Cartwright, Nancy, and . How the Laws of Physics Lie

1983, Oxford University Press.

Publisher’s Note: Nancy Cartwright argues for a novel conception of the role of fundamental scientific laws in modern natural science. If we attend closely to the manner in which theoretical laws figure in the practice of science, we see that despite their great explanatory power these laws do not describe reality. Instead, fundamental laws describe highly idealized objects in models. Thus, the correct account of explanation in science is not the traditional covering law view, but the ‘simulacrum’ account. On this view, explanation is a matter of constructing a model that may employ, but need not be consistent with, a theoretical framework, in which phenomenological laws that are true of the empirical case in question can be derived. Anti?realism about theoretical laws does not, however, commit one to anti?realism about theoretical entities. Belief in theoretical entities can be grounded in well?tested localized causal claims about concrete physical processes, sometimes now called ‘entity realism’. Such causal claims provide the basis for partial realism and they are ineliminable from the practice of explanation and intervention in nature.

Comment: Essential reading on realism and anti-realism about the laws of nature. Recommended for undergraduates who have prior knowledge of Humeanism about laws and for postgraduates in general. The book consists of a series of philosophical essays that can be used independently.

Drewery, Alice, and . Essentialism and the Necessity of the Laws of Nature

2005, Synthese 144(3): 381-396.

Abstract: In this paper the author discusses and evaluates different arguments for the view that the laws of nature are metaphysically necessary. She conclude that essentialist arguments from the nature of natural kinds fail to establish that essences are ontologically more basic than laws, and fail to offer an a priori argument for the necessity of all causal laws. Similar considerations carry across to the argument from the dispositionalist view of properties, which may end up placing unreasonable constraints on property identity across possible worlds. None of her arguments preclude the possibility that the laws may turn out to be metaphysically necessary after all, but she argues that this can only be established by a posteriori scientific investigation. She argues for what may seem to be a surprising conclusion: that a fundamental metaphysical question – the modal status of laws of nature – depends on empirical facts rather than purely on a priori reasoning.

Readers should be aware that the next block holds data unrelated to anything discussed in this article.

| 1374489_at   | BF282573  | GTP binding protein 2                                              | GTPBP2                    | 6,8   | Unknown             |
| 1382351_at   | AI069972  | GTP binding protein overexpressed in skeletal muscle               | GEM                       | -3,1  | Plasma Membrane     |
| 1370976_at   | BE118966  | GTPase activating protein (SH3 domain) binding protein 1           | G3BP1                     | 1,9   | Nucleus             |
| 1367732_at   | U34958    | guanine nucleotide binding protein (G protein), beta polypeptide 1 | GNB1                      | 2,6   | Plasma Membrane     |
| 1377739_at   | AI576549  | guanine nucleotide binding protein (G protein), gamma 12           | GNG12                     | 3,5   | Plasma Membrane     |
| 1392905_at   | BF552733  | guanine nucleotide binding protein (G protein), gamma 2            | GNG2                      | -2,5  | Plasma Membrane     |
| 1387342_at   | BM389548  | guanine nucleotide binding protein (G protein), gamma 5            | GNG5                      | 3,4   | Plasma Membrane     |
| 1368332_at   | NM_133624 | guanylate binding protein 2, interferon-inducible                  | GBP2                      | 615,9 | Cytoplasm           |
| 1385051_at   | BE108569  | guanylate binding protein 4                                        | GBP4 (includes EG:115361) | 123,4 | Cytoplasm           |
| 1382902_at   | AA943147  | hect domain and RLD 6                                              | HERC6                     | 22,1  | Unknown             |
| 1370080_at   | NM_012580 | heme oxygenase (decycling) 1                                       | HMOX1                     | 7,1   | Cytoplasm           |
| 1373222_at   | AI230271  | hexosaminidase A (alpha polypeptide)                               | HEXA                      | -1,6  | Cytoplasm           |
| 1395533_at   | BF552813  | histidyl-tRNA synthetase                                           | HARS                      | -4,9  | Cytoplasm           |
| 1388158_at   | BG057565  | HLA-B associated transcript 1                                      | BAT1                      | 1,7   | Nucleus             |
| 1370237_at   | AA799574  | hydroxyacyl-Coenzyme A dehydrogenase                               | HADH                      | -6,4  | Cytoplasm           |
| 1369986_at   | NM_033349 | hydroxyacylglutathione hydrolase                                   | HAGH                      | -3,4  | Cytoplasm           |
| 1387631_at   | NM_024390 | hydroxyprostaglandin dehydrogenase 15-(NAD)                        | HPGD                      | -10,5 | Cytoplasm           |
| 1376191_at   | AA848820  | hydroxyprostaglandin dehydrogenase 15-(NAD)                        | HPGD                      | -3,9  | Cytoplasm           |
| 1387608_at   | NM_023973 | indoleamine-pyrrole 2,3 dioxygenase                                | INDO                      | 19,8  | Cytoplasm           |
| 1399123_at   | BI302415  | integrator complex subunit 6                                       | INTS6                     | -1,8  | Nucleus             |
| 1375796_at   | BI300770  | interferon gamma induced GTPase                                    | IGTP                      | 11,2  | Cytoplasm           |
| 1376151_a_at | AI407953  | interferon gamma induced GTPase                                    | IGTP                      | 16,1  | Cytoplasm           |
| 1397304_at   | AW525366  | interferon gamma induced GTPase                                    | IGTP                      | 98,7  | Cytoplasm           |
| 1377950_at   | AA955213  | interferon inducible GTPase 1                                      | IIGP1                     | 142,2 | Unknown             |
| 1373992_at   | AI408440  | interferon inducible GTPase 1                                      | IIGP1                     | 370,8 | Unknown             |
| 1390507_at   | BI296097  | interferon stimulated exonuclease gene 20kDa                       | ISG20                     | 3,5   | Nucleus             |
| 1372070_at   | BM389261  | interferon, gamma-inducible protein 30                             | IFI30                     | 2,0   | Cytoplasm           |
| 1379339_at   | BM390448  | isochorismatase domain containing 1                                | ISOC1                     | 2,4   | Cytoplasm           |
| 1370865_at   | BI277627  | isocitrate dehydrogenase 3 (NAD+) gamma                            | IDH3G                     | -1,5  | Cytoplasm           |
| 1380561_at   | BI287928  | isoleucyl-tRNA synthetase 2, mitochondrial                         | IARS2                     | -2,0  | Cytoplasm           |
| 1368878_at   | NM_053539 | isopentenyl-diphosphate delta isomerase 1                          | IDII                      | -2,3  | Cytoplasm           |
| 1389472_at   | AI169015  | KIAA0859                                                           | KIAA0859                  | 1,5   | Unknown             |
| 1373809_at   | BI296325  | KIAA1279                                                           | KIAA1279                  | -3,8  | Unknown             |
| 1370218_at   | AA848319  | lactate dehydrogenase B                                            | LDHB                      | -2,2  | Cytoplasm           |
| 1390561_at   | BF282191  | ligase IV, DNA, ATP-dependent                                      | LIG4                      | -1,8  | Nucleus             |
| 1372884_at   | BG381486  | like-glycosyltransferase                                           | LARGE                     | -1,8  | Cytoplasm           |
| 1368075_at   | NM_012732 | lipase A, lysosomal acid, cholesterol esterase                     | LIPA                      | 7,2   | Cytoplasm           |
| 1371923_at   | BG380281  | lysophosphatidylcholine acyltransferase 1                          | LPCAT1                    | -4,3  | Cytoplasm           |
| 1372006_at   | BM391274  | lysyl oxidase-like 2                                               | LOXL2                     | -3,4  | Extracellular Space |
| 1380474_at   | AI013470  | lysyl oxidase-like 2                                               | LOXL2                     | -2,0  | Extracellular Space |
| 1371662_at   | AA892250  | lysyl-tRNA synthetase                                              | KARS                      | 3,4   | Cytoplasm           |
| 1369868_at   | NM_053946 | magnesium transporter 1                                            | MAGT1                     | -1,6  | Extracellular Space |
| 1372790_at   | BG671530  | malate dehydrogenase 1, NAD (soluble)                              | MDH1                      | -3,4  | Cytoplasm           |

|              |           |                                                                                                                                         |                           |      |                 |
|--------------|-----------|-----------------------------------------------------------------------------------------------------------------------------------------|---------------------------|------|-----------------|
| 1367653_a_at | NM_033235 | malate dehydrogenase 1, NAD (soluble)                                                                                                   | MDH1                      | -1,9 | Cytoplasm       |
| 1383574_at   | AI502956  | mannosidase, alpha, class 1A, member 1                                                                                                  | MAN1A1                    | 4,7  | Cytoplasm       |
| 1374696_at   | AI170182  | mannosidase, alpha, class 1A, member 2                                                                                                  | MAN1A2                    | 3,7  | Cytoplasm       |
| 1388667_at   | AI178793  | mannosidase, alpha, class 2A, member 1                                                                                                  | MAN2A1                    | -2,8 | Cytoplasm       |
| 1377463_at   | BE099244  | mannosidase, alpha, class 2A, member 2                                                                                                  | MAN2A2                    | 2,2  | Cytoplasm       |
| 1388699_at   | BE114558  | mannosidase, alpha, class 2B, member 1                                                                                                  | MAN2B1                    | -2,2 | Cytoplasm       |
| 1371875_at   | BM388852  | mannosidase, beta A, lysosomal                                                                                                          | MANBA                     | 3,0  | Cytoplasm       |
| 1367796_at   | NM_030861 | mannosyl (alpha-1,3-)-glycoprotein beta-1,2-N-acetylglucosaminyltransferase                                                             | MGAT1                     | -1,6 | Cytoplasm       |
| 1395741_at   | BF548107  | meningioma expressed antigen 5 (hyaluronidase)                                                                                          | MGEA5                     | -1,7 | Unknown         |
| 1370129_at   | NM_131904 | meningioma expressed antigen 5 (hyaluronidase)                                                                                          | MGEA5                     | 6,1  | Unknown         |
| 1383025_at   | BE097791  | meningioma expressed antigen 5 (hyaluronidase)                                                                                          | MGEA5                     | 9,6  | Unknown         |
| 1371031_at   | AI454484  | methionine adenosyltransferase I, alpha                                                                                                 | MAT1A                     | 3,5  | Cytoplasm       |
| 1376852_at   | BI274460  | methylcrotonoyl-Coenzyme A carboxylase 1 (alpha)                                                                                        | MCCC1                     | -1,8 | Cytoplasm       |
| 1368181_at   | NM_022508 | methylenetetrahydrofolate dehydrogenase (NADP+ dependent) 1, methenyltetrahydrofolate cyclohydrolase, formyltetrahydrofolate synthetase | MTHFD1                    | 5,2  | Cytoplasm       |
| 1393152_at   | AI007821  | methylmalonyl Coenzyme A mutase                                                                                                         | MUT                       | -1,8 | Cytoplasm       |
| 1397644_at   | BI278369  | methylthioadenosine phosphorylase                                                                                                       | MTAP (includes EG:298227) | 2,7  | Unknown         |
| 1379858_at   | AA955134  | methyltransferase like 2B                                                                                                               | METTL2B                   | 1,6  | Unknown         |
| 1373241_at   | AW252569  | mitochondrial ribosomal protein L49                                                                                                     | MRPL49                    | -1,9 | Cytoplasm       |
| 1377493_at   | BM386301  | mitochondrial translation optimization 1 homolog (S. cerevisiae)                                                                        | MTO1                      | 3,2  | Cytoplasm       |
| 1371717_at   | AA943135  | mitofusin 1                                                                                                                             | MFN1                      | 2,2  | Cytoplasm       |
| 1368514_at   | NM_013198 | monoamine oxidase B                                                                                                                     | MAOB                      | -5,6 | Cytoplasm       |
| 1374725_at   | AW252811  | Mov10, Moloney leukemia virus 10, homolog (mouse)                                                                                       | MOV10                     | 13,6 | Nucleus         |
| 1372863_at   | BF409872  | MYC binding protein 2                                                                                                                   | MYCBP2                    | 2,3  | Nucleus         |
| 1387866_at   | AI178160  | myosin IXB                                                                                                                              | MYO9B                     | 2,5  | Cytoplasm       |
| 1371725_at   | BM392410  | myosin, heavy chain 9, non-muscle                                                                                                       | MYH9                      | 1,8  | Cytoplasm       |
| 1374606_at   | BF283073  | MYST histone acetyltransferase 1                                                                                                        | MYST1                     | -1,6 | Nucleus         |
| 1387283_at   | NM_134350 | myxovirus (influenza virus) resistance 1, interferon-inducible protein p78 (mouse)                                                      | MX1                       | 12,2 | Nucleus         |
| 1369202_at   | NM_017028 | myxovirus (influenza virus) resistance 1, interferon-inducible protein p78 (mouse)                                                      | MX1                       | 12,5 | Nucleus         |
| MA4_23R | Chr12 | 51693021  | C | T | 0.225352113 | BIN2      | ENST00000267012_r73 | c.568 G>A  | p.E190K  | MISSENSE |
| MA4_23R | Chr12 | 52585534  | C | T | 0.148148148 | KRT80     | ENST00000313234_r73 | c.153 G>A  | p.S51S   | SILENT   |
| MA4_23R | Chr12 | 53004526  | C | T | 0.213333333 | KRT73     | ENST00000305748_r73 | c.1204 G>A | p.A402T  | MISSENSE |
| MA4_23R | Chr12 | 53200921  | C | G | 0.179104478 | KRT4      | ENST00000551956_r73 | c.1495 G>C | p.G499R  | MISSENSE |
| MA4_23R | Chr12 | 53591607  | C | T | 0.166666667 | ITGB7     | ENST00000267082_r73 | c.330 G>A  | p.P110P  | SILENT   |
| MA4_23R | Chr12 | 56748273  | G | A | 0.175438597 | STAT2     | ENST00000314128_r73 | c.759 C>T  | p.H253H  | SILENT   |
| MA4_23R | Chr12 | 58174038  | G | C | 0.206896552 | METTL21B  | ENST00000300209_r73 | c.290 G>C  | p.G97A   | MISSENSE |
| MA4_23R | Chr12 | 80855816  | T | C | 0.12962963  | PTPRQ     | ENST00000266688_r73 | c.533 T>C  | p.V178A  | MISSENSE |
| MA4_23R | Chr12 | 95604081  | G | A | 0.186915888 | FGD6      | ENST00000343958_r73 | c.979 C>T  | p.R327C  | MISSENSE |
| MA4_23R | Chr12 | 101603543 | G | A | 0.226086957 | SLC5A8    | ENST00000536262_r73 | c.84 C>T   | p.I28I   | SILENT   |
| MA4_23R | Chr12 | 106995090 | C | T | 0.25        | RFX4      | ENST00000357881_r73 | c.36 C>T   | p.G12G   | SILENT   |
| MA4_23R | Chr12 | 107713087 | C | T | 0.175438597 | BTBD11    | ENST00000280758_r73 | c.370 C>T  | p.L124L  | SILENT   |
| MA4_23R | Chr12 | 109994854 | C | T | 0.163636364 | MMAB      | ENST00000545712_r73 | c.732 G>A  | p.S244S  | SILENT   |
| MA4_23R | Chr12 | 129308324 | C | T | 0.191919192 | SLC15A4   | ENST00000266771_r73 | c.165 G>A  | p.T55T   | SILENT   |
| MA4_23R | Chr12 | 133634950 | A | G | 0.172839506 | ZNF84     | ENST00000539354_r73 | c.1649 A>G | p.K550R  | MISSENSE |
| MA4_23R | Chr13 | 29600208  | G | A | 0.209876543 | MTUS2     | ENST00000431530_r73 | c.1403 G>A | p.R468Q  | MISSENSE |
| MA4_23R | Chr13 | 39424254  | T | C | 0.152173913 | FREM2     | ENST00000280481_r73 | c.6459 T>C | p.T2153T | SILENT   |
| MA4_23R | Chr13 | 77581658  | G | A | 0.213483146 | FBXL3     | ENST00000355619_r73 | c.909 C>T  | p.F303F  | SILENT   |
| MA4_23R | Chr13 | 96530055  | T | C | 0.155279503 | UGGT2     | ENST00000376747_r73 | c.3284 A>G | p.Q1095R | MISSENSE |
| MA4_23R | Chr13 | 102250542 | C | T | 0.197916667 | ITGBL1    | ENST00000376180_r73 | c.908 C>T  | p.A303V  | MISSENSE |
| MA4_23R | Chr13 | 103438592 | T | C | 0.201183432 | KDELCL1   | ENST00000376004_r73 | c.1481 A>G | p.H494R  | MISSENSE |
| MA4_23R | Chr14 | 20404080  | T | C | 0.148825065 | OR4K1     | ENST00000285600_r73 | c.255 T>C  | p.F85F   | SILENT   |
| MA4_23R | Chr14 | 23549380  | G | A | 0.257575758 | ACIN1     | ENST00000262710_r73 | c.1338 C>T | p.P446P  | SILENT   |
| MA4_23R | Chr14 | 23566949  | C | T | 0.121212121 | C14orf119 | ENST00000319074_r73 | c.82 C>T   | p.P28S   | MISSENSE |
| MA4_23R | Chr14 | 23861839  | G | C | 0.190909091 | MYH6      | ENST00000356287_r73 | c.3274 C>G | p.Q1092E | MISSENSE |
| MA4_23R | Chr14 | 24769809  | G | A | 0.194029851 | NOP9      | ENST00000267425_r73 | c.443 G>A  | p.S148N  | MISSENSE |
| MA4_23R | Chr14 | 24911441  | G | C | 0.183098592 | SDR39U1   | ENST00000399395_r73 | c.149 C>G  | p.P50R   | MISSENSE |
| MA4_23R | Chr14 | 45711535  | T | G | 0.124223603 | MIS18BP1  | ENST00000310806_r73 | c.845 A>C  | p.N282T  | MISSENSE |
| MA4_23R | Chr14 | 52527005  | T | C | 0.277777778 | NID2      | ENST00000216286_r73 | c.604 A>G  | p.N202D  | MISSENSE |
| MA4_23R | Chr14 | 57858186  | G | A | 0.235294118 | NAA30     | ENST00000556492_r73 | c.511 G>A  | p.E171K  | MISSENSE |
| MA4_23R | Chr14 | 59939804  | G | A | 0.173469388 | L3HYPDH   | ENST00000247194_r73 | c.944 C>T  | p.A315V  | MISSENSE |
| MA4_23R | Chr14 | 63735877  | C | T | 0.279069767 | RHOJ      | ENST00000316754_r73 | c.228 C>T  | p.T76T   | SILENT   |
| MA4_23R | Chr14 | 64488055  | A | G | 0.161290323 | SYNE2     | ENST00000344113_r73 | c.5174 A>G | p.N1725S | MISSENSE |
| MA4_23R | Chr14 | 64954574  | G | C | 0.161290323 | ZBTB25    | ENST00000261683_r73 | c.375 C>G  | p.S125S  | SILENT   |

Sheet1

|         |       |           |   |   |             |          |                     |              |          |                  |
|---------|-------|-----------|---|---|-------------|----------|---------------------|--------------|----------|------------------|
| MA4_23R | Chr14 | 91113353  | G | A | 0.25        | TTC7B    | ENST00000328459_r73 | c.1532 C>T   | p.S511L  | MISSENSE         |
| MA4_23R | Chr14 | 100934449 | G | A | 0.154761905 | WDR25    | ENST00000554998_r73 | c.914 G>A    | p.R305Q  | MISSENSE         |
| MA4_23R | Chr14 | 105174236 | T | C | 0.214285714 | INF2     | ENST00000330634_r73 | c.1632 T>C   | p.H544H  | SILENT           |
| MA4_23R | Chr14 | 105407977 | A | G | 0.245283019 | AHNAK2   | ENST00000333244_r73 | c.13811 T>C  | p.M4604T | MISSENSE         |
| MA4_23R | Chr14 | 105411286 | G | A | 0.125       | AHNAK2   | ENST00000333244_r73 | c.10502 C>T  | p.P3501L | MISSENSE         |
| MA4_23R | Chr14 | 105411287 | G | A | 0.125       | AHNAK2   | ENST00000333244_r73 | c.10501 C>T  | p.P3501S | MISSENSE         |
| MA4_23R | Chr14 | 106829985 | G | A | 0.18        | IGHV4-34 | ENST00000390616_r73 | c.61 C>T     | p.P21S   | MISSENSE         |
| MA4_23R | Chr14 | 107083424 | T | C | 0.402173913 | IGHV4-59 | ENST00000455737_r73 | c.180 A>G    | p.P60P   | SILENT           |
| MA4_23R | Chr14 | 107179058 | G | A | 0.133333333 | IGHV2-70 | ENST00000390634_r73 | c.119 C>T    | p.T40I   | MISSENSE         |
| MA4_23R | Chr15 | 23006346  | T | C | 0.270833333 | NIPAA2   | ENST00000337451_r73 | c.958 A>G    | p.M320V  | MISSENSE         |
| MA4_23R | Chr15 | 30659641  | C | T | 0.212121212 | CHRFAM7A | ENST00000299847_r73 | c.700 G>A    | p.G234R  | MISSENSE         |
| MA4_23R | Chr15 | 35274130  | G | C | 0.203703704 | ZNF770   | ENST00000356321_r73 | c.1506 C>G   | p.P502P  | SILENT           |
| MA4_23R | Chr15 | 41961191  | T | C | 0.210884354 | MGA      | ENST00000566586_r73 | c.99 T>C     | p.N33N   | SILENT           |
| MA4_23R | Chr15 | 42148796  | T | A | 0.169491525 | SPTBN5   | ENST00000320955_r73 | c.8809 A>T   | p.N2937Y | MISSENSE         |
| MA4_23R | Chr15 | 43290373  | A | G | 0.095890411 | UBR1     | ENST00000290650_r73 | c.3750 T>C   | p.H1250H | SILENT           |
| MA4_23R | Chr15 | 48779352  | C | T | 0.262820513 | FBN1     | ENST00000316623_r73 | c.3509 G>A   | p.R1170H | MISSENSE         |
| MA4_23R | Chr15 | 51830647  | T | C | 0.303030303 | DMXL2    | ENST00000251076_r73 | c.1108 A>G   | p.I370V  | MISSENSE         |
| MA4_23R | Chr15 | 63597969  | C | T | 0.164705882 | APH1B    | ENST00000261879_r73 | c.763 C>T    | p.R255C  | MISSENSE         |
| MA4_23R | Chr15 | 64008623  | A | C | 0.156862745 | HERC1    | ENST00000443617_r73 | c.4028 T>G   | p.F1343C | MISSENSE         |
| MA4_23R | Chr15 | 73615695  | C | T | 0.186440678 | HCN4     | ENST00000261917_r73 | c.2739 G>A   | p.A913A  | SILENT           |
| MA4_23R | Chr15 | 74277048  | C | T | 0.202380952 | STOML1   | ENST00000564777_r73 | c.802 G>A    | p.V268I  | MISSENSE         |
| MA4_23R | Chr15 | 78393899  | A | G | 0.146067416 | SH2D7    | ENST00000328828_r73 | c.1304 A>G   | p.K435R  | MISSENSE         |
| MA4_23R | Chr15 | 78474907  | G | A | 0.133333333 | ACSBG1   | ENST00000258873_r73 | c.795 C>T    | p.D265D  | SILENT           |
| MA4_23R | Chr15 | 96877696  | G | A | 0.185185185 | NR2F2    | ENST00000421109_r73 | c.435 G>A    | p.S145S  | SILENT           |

Comment: An excellent paper that could serve as further or specialized reading for postgraduate courses in philosophy of science, in particular, for modules related to the study of the laws of nature. The paper offers an in-depth discussion of essentialist arguments, but also touches upon many other fundamental concepts such as grounding, natural kinds, dispositions and necessity.

Vetter, Barbara, and . Dispositional Essentialism and the Laws of Nature

2012, In Alexander Bird, Brian Ellis & Howard Sankey (eds.), Properties, Powers, and Structures. Issues in the Metaphysics of Realism. Routledge.

Summary: In this paper, Vetter looks at the argument for Dispositional Essentialism (DE) that has been put forward by A. Bird in his recent book Nature’s Metaphysics. Bird’s overall argument comes in two parts, one negative and one positive, which together are to establish DE as the best contender for a theory of properties and laws. Vetter argues that, even if all their particular steps go through, both parts of the argument have significant gaps. The negative argument, if successful, shows that at least one property has an essence, but not that any property has a dispositional essence. The positive argument, which aims to demonstrate the explanatory power of DE, fails to take account of the quantitative nature of the fundamental natural properties and laws. The paper finishes by suggesting a revision of DE’s doctrine that might solve the latter problem, but yet remains to be spelled out.

Comment: This paper explores in detail the metaphysics of dispositions. It is a good secondary reading for those who have already read Armstrong or Alexander Bird. Vetter writes in a very clear way, but a basic background in metaphysics might be needed to fully understand the paper. This reading is then more suitable for postgraduate courses in metaphysics or philosophy of science.